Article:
Saturday 3 December 2016

Mind and body: you've got to take care of your health

Published 24/05/2015 | 02:30

Alan Quinlan
Alan Quinlan

Having spent many years as a professional rugby player with both Munster and the Irish squad, I have learnt that my health is a top priority. To be at the top of my game, I had to be physically strong, fit and be mindful of my diet and nutrition.

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The focus on physical fitness is likely to rise following the OECD Report on Obesity, but we also need to focus on our mental wellbeing. I have struggled with maintaining my mental fitness, and what I have learnt over the years is that you have to be kind to yourself, and looking after your mental health needs to become a key focus in the same way that we focused on diet and exercise.

Perfection is the enemy of very good

Playing for Munster and for Ireland was a dream come true. But with it came a huge responsibility to my team mates, to the coaching staff and to the fans. Pursuing perfection is the goal of every athlete, but when it becomes all-consuming it can be hugely detrimental to your professional and personal life. Perfection is the enemy of very good, and sometimes very good is good enough. It's important to recognise this and not get so caught up in trying to be perfect that you lose sight of the original goal.

Healthy workplaces are a no-brainer

Working as a professional rugby player, nutrition and wellbeing were part and parcel of our workplace. What I've come to realise is that this focus shouldn't be confined to professional athletic grounds.

I got involved with Aramark's Right Track Challenge campaign, a programme dedicated to improving the physical health and wellbeing of those working across the almost 1,000 workplaces in which Aramark operates. I believe that employers not only have the responsibility, but also a vested interest in supporting the health of their workforce.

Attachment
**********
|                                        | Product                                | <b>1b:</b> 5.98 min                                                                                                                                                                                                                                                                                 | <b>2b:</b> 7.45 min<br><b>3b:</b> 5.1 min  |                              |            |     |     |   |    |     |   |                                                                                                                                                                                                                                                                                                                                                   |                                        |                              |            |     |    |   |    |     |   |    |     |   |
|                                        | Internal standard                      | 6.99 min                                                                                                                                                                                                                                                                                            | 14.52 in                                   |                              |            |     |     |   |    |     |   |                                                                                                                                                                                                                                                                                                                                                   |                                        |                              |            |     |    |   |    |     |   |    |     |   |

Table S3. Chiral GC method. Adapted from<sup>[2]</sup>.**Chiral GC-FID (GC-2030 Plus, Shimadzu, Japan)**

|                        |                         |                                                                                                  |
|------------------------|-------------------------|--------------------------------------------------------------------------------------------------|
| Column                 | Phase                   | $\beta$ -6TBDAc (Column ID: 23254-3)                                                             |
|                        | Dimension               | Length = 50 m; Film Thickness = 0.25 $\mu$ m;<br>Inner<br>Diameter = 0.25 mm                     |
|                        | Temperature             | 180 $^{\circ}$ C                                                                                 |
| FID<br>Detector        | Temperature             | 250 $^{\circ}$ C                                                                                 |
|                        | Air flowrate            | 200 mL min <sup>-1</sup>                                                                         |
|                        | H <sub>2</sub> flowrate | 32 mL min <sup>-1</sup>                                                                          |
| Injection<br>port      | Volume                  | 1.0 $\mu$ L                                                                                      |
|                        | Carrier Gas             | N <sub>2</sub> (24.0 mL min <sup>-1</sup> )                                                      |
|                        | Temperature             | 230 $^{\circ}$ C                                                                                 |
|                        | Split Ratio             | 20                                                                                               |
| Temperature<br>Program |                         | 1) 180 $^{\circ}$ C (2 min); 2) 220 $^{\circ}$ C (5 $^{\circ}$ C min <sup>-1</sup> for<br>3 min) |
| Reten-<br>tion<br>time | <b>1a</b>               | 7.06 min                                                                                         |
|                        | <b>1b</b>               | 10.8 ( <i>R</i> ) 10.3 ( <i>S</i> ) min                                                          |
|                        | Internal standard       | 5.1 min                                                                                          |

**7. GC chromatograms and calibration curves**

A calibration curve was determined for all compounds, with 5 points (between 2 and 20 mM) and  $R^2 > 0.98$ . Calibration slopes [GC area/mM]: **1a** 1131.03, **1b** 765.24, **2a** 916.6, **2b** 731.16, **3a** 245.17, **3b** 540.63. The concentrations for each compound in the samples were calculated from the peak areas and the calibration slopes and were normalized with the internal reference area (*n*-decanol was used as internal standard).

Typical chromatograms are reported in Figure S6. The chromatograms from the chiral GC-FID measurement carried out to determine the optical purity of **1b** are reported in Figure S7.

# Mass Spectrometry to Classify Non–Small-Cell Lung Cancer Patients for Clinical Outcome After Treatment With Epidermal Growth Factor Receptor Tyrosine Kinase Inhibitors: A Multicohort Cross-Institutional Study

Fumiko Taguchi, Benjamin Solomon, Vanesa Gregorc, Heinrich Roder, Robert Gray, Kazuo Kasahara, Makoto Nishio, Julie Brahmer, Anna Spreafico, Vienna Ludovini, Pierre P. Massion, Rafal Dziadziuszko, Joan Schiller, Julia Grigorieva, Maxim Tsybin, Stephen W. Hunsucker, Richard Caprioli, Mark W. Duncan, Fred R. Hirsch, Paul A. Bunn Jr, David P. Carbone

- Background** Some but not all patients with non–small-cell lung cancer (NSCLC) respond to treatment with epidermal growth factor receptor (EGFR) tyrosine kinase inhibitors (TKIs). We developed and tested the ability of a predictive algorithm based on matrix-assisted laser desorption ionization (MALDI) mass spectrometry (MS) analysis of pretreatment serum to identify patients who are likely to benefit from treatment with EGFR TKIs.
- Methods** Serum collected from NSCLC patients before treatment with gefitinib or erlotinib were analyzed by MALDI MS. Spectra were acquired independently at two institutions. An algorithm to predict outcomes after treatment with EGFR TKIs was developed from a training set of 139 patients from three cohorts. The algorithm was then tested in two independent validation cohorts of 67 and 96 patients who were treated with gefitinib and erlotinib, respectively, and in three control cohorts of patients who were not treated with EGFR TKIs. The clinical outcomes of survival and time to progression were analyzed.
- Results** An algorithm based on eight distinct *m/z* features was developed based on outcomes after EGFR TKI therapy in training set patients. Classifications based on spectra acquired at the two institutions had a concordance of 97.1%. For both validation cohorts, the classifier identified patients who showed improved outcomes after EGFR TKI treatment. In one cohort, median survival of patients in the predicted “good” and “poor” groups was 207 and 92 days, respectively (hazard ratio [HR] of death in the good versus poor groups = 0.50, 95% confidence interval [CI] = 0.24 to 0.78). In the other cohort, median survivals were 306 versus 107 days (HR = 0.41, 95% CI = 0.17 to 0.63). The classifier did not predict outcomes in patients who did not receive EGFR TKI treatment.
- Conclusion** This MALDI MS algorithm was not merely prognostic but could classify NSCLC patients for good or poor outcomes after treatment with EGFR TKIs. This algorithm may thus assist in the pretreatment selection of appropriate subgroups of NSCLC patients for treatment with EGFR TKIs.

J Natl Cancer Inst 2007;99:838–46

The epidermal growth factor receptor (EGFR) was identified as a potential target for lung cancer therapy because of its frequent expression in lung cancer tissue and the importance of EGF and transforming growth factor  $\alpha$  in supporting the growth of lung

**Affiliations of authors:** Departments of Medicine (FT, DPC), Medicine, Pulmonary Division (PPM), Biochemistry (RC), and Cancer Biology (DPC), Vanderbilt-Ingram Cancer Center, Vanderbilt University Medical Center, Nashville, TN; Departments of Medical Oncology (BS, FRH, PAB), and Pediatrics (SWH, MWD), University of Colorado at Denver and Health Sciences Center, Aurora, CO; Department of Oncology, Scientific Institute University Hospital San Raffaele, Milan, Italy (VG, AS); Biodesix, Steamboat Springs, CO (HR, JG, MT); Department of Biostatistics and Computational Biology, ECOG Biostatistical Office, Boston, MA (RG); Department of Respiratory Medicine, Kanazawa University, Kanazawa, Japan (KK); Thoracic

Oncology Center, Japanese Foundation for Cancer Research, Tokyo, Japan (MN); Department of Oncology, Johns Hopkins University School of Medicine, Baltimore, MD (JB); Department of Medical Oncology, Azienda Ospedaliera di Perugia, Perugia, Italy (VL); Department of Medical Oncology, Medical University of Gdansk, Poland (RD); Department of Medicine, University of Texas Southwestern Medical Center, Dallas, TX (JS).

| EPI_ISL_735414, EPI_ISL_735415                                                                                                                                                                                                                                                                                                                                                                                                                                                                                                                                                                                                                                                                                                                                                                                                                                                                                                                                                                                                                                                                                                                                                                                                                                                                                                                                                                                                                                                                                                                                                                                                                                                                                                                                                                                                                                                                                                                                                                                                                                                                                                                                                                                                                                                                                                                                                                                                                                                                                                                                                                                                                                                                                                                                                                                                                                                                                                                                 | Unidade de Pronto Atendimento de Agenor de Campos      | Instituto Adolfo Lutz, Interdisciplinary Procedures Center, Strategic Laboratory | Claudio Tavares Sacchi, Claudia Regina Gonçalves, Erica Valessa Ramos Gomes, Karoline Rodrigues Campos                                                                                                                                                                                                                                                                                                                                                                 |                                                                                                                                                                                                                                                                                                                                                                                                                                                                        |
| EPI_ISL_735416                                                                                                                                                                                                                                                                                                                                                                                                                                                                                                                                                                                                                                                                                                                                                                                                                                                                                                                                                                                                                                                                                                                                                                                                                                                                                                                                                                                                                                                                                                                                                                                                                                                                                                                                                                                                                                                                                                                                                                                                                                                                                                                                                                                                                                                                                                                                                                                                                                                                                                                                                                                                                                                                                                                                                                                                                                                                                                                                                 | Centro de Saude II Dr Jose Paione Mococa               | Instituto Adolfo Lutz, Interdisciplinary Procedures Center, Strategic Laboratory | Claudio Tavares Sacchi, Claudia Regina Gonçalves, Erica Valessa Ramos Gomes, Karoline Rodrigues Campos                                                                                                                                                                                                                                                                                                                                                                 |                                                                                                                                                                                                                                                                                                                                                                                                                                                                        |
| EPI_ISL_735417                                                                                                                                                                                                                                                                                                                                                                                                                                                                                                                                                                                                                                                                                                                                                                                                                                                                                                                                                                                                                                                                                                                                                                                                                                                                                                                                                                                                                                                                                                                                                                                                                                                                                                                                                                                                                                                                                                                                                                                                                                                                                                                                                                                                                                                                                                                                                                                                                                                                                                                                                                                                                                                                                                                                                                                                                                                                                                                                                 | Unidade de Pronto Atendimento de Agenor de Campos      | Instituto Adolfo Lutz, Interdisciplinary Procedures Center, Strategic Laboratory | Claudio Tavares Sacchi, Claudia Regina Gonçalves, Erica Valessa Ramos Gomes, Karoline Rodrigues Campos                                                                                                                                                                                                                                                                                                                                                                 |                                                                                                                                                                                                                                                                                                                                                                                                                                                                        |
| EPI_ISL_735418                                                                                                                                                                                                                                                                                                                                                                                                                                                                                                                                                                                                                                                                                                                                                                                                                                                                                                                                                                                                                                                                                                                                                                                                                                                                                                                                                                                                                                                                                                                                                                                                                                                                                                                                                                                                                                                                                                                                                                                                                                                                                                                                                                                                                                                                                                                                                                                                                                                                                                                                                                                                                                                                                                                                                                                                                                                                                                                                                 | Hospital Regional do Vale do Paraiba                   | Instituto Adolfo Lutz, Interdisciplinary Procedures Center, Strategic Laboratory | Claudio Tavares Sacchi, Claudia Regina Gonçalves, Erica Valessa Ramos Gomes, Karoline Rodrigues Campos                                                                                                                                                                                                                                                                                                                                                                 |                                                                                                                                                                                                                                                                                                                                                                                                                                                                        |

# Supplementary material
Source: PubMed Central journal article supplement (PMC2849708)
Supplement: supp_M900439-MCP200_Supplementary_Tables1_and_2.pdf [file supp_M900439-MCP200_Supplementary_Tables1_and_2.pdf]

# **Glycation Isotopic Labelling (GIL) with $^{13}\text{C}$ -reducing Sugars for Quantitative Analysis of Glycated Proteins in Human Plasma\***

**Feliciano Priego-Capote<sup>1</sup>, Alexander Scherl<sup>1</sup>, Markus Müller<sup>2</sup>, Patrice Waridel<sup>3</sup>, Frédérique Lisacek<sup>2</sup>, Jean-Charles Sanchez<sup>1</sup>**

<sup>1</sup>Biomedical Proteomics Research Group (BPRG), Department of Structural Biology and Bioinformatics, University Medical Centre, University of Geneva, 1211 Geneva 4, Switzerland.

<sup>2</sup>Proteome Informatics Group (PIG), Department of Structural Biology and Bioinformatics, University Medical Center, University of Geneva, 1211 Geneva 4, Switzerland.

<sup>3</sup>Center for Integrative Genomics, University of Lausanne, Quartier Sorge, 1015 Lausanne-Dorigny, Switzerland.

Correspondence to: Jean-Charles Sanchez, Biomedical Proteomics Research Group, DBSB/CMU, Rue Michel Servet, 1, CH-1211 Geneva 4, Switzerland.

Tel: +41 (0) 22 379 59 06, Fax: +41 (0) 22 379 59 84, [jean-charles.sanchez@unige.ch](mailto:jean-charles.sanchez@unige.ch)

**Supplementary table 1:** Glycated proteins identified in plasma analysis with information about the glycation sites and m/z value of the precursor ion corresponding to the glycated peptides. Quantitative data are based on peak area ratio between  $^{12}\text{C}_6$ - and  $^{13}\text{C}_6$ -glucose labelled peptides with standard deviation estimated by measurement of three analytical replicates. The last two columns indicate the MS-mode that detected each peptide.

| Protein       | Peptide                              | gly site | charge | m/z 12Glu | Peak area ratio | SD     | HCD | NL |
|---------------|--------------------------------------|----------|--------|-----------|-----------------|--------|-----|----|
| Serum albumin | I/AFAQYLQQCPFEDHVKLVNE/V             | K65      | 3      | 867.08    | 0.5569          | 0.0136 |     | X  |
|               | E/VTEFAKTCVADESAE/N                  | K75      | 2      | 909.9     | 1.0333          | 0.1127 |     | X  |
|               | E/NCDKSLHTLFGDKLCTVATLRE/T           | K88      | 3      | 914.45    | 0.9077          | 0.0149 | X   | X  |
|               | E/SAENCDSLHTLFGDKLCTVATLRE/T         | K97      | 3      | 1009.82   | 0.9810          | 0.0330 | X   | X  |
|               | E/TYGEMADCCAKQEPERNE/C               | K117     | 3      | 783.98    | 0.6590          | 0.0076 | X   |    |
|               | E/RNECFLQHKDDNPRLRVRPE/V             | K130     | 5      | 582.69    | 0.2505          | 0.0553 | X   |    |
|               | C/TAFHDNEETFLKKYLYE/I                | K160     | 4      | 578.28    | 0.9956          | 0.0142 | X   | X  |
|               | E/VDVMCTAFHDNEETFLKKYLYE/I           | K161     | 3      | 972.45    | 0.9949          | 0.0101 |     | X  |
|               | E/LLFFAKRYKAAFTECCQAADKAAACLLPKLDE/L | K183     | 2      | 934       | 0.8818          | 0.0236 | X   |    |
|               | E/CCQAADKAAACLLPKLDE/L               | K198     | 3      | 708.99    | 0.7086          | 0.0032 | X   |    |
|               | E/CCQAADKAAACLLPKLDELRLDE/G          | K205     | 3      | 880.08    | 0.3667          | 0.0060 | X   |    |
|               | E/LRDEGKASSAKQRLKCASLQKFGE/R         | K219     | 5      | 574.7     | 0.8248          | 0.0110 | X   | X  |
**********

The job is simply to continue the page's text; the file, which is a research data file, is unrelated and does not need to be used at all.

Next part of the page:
Healthy workplaces lead to improved morale and reduced turnover among staff. It can also give a boost to productivity, as well as the image of the company.

Build a supportive network

No person is an island and it's important to have a network of family and friends who will support you through good times and bad. Taking the first step on a new health and fitness regime can be daunting, but the right support network can make all the difference.

This year, Katie Taylor - who is also Aramark's Health and Wellness Ambassador - and I are part of a support network for those taking the Right Track Challenge.

We have created a specific three-tier training schedules targeted at various levels of fitness with nutritional advice and motivational coaching to all Aramark employees and customers. What we want to achieve is to show people that physical activity needn't be daunting. It doesn't just mean playing rugby or going to the gym. It can be through smaller, simpler activities like getting outside for a walk over lunch.

Eat yourself well

Food is fuel and what we eat and when we eat does affect how we feel and act. Just like our heart and stomachs, our brains are extremely sensitive to what we put in our bodies.

I've tried to maintain a healthy diet since I left professional sports, but it isn't always easy - especially on match days when I'm doing TV commentary. But again, it's about balance.

It may be a cliche, but a healthy body does equal a healthy mind. Alan Quinlan is Wellness Ambassador for Aramark's Right Track Challenge

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